The biggest problem, however, is one that this government is ignoring (hard to believe) or unwilling to recognize: you can’t get out of traffic congestion. The concept is called induced demand, which is used by economists when the increased supply of something (like roads) makes people want that thing even more, ”explains Wired . A to study through Matthew Turner from the University of Toronto and Gilles Duranton from the University of Pennsylvania found something that has held true over decades and decades: “[n]New roads will create new drivers, which will keep the traffic intensity the same.

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This is of course the reason why an organization like the Trillium Automotive Dealers Association (TADA) is pushing for the Ford government to build more roads. Despite a pandemic that has wiped out the auto industry with global shortages and idling factories, they fully agree with the following recommendations, as stated in Automotive News Canada:

  1. Construction of Highway 413, spanning Highway 400 to the Highway 401/407 interchange in Milton to relieve traffic congestion on Highway 401, one of the busiest highways in North America, and link five 400 series highways.
  2. Construction of the Mid-Peninsula Highway, connecting Hamilton to the Peace Bridge border crossing in Fort Erie. QEW is approaching full capacity based on a 2017 Niagara Region Transportation Master Plan.
  3. Twinning of the Peace Bridge border crossing in Fort Erie.
  4. Extension of Highway 406 from Niagara to Port Colborne.

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Why wouldn’t they be? We know from this long-term study that new roads create new drivers, who in turn will buy many more cars. More cars and more drivers, even as the world is on fire.

Ontario Premier Doug Ford at the unveiling of a new border sign titled
Ontario Premier Doug Ford at the unveiling of a new border sign titled “Open for Business” in November 2018. Government of Ontario Photo

If the COVID pandemic has taught us anything, it’s that we should be prepared to become much more nimble in our approach to challenges, especially those that can pivot and change. Why are we moving forward with old answers to current problems? The congestion is real; building more roads will not solve this. Why do we ignore what has happened in the past two years, and why are we not innovative instead of thinking? The workplace is forever changed , and much of the congestion on these roads comes from commuters. Many have shifted from public transit to private cars as the pandemic has progressed, but in the long run those costs will prove to be onerous for many.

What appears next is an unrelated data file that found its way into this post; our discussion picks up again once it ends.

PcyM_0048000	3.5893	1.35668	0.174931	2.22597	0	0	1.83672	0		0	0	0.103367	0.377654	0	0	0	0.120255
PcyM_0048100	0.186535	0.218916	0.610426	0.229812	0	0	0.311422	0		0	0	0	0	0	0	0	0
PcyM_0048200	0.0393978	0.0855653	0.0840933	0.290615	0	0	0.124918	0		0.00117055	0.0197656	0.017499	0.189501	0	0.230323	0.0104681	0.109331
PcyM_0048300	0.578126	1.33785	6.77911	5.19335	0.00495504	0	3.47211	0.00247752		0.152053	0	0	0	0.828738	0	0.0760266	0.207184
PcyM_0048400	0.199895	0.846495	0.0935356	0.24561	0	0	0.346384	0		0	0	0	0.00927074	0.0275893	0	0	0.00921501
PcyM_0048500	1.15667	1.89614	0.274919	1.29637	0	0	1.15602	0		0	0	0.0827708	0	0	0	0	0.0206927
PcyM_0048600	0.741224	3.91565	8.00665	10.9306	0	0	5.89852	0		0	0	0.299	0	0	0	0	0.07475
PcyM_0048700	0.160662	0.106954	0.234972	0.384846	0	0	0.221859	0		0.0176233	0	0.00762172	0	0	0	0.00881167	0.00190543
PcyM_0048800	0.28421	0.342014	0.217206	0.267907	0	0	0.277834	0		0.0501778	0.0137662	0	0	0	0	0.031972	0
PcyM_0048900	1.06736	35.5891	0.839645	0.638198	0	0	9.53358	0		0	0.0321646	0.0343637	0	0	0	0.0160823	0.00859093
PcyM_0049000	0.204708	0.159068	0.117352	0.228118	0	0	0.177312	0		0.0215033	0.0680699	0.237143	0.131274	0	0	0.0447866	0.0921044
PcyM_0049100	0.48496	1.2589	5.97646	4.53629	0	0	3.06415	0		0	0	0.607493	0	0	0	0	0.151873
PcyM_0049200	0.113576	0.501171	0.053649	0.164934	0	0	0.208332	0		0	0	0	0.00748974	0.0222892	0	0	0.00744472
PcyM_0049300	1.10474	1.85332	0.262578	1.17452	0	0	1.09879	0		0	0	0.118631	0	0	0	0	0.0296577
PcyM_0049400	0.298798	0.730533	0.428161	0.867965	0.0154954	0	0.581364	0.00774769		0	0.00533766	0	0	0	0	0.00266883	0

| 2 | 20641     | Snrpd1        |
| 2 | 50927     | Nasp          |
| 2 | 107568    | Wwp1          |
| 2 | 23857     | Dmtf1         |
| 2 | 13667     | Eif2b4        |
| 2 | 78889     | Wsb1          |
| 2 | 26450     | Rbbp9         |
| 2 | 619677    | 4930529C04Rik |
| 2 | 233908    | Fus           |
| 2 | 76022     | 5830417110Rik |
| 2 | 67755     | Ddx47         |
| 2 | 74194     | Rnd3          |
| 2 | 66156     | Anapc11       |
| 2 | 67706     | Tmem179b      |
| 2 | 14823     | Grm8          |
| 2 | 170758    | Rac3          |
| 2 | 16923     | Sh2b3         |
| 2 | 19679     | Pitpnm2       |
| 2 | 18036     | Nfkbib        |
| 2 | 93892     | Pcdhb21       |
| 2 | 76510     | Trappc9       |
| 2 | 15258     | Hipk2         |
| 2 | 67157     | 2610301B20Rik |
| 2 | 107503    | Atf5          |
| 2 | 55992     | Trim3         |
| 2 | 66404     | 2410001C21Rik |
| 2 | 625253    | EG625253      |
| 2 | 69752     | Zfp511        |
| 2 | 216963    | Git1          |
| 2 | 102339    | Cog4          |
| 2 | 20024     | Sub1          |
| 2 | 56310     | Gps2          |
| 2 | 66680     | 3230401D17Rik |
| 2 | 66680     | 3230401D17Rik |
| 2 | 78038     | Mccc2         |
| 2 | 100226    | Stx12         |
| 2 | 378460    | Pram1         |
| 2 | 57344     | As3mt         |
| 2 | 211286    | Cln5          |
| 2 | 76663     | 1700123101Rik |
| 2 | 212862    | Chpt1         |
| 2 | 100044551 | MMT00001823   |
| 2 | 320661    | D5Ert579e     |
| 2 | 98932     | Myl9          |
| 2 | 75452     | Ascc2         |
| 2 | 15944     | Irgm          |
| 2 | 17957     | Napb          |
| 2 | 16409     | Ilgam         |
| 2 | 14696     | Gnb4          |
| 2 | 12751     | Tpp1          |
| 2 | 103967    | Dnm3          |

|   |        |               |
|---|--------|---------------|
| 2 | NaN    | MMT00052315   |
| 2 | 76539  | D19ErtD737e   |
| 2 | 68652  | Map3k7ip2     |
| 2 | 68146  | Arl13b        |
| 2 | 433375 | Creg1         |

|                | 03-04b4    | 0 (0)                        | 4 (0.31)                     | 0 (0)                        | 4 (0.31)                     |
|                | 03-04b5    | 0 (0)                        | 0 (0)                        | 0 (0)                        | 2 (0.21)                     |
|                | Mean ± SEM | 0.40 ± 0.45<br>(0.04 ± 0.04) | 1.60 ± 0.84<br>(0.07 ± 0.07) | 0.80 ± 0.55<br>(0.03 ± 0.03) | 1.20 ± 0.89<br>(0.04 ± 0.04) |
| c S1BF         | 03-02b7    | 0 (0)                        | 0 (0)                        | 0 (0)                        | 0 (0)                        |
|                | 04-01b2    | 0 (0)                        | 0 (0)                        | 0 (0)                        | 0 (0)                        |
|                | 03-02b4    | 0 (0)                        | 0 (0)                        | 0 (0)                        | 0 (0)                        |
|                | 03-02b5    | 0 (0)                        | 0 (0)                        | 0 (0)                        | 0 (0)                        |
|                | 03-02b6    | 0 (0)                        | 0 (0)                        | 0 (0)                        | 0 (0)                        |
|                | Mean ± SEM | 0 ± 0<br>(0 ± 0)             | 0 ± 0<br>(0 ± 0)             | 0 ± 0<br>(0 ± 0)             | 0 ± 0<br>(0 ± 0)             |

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Consider the argument that many workers, after almost two years, will want to continue working from home. Not all of them, but a lot – or at least on a hybrid model. Every change we make to the equation has a direct impact on the congestion on our roads. If employers become inflexible, they will lose key employees. People have found that they can accomplish a lot more by not sitting in traffic for two hours a day. John Michael McGrath reflects on the changing of the guard in this TVO column . “ [A] According to a survey conducted for Future Forum 75 percent of executives want to return to the office three or more days a week, while only 34 percent of their employees do. Only 17 percent of workers want to return to work entirely in the office, while 44 percent of their bosses do. These numbers indicate a major change in the way we work. Why do we have all this technology, if not to have a better quality of life?

The short-term gain is the re-election of people who have demonstrated where their allegiances lie – and that is not with us. The long-term permanent loss concerns the parts of Ontario that have been deemed worthy of protection for a reason: we will never get them back, and the gains from their loss will dissipate like smoke.